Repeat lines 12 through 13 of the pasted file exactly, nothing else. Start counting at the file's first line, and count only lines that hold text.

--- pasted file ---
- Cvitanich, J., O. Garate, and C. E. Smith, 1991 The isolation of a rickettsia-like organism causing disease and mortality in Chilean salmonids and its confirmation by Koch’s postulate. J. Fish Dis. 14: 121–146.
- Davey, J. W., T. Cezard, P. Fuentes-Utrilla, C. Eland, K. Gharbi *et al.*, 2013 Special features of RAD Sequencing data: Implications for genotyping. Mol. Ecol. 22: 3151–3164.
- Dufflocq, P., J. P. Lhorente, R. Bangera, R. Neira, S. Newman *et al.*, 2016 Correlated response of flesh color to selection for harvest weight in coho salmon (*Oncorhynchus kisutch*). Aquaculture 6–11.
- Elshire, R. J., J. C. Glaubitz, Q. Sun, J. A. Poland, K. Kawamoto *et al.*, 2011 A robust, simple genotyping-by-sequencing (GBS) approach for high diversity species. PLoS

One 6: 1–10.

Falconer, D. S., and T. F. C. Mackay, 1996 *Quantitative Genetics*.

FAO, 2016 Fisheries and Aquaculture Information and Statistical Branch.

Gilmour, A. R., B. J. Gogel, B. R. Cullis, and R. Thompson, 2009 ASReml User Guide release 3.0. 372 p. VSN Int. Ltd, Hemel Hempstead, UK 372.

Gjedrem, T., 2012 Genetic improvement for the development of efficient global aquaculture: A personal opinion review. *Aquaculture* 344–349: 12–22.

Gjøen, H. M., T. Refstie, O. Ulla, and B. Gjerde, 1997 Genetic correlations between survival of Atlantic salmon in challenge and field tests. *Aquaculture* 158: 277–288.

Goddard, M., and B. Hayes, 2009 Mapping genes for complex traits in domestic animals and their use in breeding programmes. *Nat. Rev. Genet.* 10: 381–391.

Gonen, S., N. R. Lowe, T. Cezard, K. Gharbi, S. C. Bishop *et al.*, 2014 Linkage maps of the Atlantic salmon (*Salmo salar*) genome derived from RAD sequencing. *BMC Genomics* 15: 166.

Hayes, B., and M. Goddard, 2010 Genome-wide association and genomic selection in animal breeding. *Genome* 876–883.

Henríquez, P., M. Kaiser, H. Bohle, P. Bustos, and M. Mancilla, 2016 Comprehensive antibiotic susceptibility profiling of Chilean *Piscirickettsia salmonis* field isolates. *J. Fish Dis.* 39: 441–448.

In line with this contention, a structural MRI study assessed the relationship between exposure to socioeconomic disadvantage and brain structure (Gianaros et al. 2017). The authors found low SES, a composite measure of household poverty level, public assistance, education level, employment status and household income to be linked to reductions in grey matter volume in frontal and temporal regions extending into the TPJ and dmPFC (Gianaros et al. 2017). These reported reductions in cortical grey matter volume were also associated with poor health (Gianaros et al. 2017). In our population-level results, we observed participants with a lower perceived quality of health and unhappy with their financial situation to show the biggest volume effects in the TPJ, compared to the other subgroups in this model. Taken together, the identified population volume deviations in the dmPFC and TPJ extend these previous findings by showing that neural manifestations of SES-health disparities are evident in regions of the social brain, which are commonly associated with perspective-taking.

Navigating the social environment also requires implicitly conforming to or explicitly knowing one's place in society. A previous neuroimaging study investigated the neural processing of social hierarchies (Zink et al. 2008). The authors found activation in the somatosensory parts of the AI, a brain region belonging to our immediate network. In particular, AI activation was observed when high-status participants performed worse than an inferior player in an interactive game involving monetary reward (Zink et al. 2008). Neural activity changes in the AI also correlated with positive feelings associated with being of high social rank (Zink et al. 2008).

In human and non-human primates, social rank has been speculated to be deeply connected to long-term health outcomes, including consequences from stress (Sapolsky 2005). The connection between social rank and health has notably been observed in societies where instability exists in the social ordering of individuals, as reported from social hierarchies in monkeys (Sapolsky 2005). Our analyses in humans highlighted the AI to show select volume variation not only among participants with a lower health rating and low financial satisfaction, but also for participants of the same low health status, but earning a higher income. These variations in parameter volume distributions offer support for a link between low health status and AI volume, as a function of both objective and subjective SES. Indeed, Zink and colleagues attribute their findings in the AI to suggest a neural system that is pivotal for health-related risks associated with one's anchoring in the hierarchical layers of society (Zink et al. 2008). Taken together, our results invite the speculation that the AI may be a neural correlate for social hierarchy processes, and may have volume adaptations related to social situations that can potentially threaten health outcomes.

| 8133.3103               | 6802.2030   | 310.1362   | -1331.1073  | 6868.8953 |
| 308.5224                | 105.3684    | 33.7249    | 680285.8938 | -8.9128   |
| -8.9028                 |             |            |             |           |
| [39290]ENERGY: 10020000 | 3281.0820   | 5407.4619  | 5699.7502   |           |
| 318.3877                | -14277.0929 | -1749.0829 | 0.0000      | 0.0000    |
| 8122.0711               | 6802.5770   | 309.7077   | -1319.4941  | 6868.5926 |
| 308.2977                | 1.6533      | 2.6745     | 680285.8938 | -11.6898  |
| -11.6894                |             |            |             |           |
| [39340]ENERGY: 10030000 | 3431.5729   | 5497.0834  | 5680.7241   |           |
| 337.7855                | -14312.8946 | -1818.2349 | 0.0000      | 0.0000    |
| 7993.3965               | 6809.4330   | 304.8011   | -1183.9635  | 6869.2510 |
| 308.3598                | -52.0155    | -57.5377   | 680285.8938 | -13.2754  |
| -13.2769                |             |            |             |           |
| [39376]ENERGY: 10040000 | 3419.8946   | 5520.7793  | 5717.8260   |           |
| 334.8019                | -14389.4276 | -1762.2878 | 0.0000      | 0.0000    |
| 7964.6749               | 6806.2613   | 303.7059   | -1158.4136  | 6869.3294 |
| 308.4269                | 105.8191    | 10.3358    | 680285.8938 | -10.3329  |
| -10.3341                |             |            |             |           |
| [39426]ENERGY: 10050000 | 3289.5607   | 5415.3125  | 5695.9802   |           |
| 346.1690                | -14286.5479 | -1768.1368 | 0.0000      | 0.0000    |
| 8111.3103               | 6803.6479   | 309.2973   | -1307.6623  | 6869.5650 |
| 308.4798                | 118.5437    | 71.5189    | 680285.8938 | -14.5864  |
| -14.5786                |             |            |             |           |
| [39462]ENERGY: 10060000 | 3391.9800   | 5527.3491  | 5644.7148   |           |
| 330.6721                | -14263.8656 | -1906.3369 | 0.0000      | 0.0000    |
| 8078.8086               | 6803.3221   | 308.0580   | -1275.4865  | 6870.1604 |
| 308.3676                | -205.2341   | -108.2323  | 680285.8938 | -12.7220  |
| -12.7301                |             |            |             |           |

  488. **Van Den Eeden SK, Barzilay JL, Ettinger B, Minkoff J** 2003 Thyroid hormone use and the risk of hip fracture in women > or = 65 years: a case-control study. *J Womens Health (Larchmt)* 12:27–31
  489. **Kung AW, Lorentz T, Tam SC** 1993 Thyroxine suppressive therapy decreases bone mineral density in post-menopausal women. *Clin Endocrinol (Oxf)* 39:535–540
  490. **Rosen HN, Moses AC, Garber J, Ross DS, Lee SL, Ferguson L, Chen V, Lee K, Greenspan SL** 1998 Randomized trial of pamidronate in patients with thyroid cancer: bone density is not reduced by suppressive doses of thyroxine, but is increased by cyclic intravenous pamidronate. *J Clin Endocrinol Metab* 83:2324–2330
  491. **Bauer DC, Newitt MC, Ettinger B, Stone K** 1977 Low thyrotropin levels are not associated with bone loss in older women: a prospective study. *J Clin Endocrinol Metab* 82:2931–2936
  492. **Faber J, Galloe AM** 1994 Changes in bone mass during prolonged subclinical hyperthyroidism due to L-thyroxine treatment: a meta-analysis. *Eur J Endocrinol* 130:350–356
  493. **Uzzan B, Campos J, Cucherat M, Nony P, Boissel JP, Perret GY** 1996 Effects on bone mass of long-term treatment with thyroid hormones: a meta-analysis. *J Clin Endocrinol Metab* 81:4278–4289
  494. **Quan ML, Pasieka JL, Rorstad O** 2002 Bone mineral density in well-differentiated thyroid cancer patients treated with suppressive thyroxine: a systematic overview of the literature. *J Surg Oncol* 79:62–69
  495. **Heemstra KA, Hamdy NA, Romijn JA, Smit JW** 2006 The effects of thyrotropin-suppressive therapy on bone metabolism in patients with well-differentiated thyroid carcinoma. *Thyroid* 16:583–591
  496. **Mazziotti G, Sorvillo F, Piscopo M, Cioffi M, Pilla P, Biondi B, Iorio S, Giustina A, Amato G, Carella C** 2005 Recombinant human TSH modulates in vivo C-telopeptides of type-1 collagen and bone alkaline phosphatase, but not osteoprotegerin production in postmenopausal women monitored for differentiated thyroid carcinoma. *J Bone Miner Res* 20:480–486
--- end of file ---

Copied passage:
Gonen, S., N. R. Lowe, T. Cezard, K. Gharbi, S. C. Bishop *et al.*, 2014 Linkage maps of the Atlantic salmon (*Salmo salar*) genome derived from RAD sequencing. *BMC Genomics* 15: 166.

Hayes, B., and M. Goddard, 2010 Genome-wide association and genomic selection in animal breeding. *Genome* 876–883.